Checking Your Own Reputation Online

I was fortunate enough to get a glimpse of the Page Quality Review Manual for Google employees. It was published on March 31, 2014 so the information in it was quite relevant.

Some of the initial surprises for me first began with realizing that people are still reading/researching websites and scoring them. Learning the different factors they’re looking at and how they can affect your rankings was enlightening and definitely worth sharing.

One of the first things the people applying Page Quality (or PQ) scores to pages learn is checking the online reputation of the site/pages they’re looking at.

How To Check Online Reputation

1. Identify the homepage of the site you’re checking.

2. Run some searches in Google: (omit the quotes when trying these)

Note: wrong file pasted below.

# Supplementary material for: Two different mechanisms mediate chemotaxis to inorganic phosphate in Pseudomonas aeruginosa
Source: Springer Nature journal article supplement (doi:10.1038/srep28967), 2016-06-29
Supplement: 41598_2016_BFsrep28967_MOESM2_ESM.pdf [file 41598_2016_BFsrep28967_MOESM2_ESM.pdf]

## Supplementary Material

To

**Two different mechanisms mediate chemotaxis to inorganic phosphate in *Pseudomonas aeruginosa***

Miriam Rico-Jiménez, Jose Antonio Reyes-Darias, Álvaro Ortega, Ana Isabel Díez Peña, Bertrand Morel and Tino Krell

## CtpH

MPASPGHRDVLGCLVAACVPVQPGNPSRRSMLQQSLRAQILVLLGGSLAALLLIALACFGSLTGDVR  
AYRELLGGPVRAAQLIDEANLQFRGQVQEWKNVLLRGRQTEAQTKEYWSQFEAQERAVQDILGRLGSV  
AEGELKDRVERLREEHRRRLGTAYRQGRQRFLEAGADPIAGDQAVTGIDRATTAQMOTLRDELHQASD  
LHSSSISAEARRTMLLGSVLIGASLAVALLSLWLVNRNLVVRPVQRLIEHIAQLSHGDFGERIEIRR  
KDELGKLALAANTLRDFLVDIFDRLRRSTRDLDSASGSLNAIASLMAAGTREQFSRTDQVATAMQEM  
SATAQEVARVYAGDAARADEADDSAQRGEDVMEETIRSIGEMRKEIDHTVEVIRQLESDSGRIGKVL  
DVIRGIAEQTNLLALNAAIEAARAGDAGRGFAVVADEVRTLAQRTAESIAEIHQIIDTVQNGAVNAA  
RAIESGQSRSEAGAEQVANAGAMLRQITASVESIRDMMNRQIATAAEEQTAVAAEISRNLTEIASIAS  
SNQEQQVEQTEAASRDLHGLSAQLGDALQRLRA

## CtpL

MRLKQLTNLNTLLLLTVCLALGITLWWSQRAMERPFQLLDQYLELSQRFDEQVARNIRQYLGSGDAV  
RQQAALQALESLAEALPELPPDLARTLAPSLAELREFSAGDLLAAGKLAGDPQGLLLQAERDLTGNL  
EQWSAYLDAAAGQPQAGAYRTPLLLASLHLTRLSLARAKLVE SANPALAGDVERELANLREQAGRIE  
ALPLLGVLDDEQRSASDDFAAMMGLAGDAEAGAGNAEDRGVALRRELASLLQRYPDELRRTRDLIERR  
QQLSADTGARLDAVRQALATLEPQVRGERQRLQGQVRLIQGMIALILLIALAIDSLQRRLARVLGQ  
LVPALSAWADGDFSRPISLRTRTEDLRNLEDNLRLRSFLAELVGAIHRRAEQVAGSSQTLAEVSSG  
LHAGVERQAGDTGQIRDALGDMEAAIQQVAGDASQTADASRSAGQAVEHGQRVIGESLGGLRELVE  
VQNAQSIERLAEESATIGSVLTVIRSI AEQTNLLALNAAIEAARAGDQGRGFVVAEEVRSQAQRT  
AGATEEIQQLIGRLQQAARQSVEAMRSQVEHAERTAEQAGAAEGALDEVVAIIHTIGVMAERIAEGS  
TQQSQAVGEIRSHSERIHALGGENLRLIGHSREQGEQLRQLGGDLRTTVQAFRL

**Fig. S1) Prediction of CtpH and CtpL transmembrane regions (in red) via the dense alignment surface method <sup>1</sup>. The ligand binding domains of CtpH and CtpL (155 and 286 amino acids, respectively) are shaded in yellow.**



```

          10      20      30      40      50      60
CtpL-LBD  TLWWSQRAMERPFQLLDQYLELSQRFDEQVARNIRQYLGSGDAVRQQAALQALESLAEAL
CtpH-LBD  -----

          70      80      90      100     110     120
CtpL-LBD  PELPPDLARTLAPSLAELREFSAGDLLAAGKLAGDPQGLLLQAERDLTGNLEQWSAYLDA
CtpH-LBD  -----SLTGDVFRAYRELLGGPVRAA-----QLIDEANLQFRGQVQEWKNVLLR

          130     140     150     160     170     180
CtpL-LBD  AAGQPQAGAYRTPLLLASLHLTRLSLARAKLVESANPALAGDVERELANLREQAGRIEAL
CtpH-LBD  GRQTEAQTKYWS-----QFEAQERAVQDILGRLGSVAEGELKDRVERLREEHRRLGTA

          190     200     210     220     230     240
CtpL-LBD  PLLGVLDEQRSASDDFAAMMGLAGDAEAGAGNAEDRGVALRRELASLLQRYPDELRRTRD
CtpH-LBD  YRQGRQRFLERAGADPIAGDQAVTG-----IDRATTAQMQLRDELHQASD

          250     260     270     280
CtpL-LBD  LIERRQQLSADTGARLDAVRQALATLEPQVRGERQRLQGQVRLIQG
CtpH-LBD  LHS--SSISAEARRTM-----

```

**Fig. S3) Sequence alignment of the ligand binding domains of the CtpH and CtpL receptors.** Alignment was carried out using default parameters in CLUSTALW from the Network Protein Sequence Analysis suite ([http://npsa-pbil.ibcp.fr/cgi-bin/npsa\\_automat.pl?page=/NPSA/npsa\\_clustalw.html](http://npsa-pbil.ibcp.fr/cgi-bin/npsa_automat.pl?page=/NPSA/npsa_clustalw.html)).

• “sitesbyjoe” - this will search for “sitesbyjoe” and exclude any pages on
  • “sitesbyjoe reviews” - this will search for reviews of “sitesbyjoe” excluding any results on

You’ll want to replace “sitesbyjoe” with your own web address of course.  You can further expand on these examples by searching your full domain name, your own name, etc. You can also replace “reviews” with “complaints”, “discussions” etc to find different results.

3. Review the findings.

I discovered that many, many sites still had my Rio Grande, NJ address and phone number. I haven’t been in Rio Grande since 2009.  Obviously that needs to be fixed asap.

Some of the sites that will come up will be technical reviews. I myself saw that I have no custom 404 page (among other items) but things like this can be easily fixed and each thing you fix is a tiny towards achieving a more solid online reputation.

These researchers are even looking at your BBB listing (if you have one) and checking Wikipedia for entries as well!

 In the end, it all comes down to the same thing. Search Engine rankings and good original content go hand in hand.

About Joseph R. B. Taylor

Joseph R. B. Taylor is a humble designer/developer who makes stuff for screens of all shapes and sizes. He is currently the lead UI/UX Architect at MScience, LLC, where he works to create simple experiences on top of large rich datasets for their customers and clients.